A plaintiff, having undergone numerous examinations and testing over a period of months or years, whose treating physician has ascertained that an objectively verified physical injury such as a herniated disc is the cause of the pain and limitation reported by the patient and verified by testing, which symptoms began following the accident at issue, is entitled to a trial on the issue of whether he has suffered a serious physical injury under Insurance Law § 5102. He need not continue to report in for a repetition of the same testing and examinations in order to keep confirming that the same permanent injury remains present.
We require that a plaintiff offer objective medical verification of a claim of diminishment in range of motion; however, this Court should not dismiss plaintiffs' claim based upon the expert's manner of expressing the presence of a measurable diminution in the injured plaintiff's range of motion. The majority relies upon the discussion in Toure, 98 N.Y.2d at 350-351, 746 N.Y.S.2d 865, 774 N.E.2d 1197, where the Court explained that a claim of serious injury may be substantiated by “an expert's designation of a numeric percentage of a plaintiff's loss of range of motion” or by a qualitative assessment comparing the plaintiff's limitations to the normal function which the plaintiff claims to be limited.
Here, plaintiffs' expert reported, among other findings, plaintiff's diminished range of motion, using the following type of language:
• Cervical spine: diminished range of motion to right lateral rotation at 35°, left lateral rotation at 40°.
• Right shoulder: diminished range of motion to forward flexion at 165°, abduction at 105°, with diminished internal rotation.
• Lumbosacral spine: diminished range of motion to forward flexion at 65° secondary to spasm with extension at 10°, right lateral rotation is 10°, left lateral rotation is 10°.
In view of this specificity, the physician's failure to designate a numeric percentage to the loss in range of motion should not be viewed as a fatal failure of proof. The expert measured the extent of plaintiff's range of motion, and characterized it as a diminution from plaintiff's normal range of motion. Under these circumstances, the lack of a measurement of how diminished the range of motion is, or some other characterization of the manner in which these measurements constitute a diminution, do not supply grounds for the dismissal of plaintiffs' claim of serious injury. The question of whether the reported limitation in motion should be considered “significant” should be left to the jury, as it would be if the physician had reported, for example, a 15 degree loss of range of motion.
The Toure Court explained that its requirement of a quantitative or qualitative assessment by the plaintiff's expert is to avoid speculative conclusions that cannot be “tested during cross-examination, challenged by another expert and weighed by the trier of fact” (id. at 351, 746 N.Y.S.2d 865, 774 N.E.2d 1197). Here, plaintiffs' expert provided objective measurements of that which he observed; the difference between those measurements and that which was normal for plaintiff would, in any event, be based upon information provided by plaintiff himself.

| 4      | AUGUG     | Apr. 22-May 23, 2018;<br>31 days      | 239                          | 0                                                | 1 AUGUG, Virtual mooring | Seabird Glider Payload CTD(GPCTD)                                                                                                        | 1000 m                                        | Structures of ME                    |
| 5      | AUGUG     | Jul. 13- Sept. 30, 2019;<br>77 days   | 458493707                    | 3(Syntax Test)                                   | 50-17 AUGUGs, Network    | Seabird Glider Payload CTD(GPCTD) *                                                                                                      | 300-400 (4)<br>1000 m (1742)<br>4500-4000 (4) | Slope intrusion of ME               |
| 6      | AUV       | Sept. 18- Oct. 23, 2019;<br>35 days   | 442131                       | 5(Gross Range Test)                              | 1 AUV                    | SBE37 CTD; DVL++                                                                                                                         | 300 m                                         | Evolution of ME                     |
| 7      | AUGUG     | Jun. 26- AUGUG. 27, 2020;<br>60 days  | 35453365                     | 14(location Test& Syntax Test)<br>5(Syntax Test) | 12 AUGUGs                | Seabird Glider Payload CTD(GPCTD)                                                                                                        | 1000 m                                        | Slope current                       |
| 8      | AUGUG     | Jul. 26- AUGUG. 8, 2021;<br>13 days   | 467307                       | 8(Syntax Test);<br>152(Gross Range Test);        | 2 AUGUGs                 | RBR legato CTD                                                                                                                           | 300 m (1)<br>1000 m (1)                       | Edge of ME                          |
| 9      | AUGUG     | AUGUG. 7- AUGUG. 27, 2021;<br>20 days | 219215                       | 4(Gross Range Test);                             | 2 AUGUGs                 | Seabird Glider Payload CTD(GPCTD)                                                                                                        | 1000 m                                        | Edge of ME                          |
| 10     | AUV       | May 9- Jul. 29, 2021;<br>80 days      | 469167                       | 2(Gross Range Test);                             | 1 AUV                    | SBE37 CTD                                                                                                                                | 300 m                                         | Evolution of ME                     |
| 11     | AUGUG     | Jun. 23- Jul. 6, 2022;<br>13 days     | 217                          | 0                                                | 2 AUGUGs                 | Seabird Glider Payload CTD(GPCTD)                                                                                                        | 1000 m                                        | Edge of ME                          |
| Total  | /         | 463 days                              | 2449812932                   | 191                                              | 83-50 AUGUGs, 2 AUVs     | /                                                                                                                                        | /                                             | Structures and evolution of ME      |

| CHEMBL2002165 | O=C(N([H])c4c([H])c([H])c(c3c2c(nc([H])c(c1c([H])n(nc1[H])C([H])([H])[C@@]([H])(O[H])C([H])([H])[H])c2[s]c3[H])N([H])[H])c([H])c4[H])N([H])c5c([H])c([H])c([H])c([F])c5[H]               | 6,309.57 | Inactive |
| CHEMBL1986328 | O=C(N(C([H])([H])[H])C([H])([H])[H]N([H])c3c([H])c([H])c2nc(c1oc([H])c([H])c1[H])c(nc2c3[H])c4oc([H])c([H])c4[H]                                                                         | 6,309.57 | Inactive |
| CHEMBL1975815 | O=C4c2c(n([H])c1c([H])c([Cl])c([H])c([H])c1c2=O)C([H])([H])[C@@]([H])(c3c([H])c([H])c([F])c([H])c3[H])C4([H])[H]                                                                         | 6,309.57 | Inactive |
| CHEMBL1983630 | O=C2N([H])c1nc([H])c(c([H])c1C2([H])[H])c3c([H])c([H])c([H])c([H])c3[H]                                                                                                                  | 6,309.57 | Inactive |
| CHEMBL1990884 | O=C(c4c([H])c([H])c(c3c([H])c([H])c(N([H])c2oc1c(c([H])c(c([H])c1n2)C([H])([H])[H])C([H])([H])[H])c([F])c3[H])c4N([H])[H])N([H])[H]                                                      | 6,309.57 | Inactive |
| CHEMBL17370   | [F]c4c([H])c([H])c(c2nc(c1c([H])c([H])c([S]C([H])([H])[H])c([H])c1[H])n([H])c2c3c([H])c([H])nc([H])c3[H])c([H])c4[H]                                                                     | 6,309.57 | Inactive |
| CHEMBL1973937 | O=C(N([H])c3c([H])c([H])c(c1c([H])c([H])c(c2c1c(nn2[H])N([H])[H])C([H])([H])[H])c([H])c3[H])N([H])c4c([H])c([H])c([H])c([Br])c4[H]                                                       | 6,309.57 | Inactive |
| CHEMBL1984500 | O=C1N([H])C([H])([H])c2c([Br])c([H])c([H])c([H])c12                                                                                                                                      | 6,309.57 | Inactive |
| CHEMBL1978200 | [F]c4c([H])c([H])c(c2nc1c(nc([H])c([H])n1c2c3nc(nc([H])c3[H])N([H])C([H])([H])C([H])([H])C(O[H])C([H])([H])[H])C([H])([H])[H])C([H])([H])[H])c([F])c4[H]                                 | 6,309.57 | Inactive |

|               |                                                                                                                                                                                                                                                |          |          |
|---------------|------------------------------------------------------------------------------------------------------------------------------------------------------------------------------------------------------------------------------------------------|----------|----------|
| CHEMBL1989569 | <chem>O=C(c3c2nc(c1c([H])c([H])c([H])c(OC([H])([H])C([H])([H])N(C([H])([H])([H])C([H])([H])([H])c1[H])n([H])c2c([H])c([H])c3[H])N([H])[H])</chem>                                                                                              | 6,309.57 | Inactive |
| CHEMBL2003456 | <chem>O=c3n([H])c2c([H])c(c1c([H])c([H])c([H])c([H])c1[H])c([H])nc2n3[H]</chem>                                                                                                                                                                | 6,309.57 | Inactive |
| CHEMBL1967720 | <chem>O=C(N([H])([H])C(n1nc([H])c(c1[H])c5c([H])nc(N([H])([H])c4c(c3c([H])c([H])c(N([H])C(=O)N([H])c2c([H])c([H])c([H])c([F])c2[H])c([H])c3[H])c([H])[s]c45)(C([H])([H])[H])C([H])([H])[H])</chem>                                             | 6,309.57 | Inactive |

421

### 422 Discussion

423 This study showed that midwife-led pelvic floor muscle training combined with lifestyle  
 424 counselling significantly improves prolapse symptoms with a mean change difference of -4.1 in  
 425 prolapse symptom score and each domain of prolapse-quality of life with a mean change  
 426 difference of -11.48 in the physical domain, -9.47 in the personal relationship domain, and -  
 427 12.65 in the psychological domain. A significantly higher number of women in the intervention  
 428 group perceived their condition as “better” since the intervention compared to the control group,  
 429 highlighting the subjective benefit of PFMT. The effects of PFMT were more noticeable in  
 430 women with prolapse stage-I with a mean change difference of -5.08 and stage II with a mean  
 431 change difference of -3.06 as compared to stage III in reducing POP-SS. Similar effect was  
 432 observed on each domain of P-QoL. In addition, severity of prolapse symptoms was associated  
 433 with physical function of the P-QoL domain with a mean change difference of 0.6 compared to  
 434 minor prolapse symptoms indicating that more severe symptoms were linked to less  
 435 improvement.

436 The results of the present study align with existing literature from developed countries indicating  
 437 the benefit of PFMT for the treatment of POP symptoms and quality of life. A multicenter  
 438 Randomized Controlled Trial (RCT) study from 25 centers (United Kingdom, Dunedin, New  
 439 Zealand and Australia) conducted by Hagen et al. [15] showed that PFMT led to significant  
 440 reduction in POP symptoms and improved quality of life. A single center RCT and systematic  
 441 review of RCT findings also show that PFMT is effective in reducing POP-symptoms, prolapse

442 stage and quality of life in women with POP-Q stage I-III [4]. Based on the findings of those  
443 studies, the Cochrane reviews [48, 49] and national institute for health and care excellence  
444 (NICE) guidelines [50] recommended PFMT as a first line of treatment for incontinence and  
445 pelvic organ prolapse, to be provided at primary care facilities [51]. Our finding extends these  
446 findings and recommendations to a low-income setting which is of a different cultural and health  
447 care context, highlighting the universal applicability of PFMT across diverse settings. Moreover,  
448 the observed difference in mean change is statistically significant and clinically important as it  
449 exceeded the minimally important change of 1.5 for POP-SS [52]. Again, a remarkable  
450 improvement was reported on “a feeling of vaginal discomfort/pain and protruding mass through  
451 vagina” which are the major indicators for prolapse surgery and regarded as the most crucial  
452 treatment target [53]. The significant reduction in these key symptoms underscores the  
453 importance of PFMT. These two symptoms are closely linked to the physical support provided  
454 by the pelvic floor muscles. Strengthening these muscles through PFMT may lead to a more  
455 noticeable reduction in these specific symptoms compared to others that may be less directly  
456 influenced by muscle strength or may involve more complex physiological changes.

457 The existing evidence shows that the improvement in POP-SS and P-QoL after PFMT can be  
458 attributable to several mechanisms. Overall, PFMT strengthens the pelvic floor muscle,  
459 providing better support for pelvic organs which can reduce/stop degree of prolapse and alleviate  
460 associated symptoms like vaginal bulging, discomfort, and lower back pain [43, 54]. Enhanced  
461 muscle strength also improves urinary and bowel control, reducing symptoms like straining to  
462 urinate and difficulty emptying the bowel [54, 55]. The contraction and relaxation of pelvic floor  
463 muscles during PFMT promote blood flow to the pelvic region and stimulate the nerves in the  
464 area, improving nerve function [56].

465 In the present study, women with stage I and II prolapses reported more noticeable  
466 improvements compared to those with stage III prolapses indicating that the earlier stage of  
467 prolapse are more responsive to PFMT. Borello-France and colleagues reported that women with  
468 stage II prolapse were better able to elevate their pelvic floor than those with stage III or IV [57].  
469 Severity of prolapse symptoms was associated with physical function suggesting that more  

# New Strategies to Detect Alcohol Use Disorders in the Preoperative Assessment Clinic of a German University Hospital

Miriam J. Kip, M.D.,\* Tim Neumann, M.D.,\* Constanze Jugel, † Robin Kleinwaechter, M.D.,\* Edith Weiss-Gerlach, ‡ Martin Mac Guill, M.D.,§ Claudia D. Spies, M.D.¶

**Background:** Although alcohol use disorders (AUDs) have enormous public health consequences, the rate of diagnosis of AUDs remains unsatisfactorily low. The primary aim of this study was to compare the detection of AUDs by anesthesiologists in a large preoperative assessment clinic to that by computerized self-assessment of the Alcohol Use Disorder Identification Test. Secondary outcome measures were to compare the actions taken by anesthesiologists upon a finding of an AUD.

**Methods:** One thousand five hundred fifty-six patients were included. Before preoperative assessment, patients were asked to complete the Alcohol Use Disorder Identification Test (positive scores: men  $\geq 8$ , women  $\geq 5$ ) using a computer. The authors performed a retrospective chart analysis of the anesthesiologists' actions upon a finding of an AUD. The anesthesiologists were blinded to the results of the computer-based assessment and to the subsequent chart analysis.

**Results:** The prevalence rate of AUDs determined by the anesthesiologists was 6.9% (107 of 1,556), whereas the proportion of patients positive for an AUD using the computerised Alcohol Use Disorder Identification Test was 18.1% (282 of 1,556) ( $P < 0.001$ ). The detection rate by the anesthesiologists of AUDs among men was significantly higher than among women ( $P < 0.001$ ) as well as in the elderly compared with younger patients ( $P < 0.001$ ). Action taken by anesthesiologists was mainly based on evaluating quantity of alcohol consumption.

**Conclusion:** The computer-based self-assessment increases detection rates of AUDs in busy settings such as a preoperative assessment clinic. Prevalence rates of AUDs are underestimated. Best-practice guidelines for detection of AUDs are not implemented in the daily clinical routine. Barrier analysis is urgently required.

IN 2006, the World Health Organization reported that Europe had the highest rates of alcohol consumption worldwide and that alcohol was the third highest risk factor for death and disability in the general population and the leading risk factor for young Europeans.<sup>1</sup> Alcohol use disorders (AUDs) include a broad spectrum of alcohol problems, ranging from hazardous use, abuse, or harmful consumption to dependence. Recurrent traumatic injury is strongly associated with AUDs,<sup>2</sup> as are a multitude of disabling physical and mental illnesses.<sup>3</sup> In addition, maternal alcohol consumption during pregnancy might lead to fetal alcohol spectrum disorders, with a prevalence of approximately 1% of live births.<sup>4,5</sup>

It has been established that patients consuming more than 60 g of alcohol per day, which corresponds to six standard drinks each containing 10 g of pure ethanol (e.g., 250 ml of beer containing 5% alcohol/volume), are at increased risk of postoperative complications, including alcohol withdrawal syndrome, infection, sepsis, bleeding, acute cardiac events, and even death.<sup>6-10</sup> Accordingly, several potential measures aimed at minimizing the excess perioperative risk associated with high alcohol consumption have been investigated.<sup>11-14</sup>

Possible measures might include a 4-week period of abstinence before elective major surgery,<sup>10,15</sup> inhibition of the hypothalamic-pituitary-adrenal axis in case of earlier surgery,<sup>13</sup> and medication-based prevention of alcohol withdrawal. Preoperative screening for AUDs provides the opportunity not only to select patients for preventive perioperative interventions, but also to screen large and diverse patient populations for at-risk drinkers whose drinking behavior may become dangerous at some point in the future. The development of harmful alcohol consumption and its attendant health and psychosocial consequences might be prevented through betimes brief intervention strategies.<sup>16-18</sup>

Moreover, this Court has accepted a similar type of assessment in DaSilva v. Storz, 290 A.D.2d 288, 735 N.Y.S.2d 548 , where a serious injury claim was upheld based upon the reports of the plaintiff's experts that bulging and herniated discs were causally related to the accident, which injuries “resulted in a significant and quantified limitation in her range of motion.” The record in that case reflects that the plaintiff's expert assessed the plaintiff's forward flexion as limited to 80 degrees, her rotation as limited to 30 degrees, and her extension as limited to 15 degrees.
The objective injuries and the range of motion limitations discovered by the physical testing, along with the other positive test results, constituted sufficient supporting objective medical proof to defeat the motion for summary judgment. Accordingly, I would reverse the dismissal of the action.
1. While defendants pinpoint the last examination on April 23, 2001, there is no indication in the treating doctor's report of same that a physical exam was actually conducted that day. Rather, the report merely describes the results of previous examinations conducted a year earlier on April 26 and June 26, 2000 and test results. In any event, even assuming an exam was conducted on April 23, 2001, there is still an unexplained gap in treatment.
2. We consider Dr. Yaffe's report not because it was incorporated by reference by Dr. Marini in his affirmation in opposition, but rather because defendants initially relied on it in support of their motion.
All concur except SAXE, J.P. who dissents in an Opinion.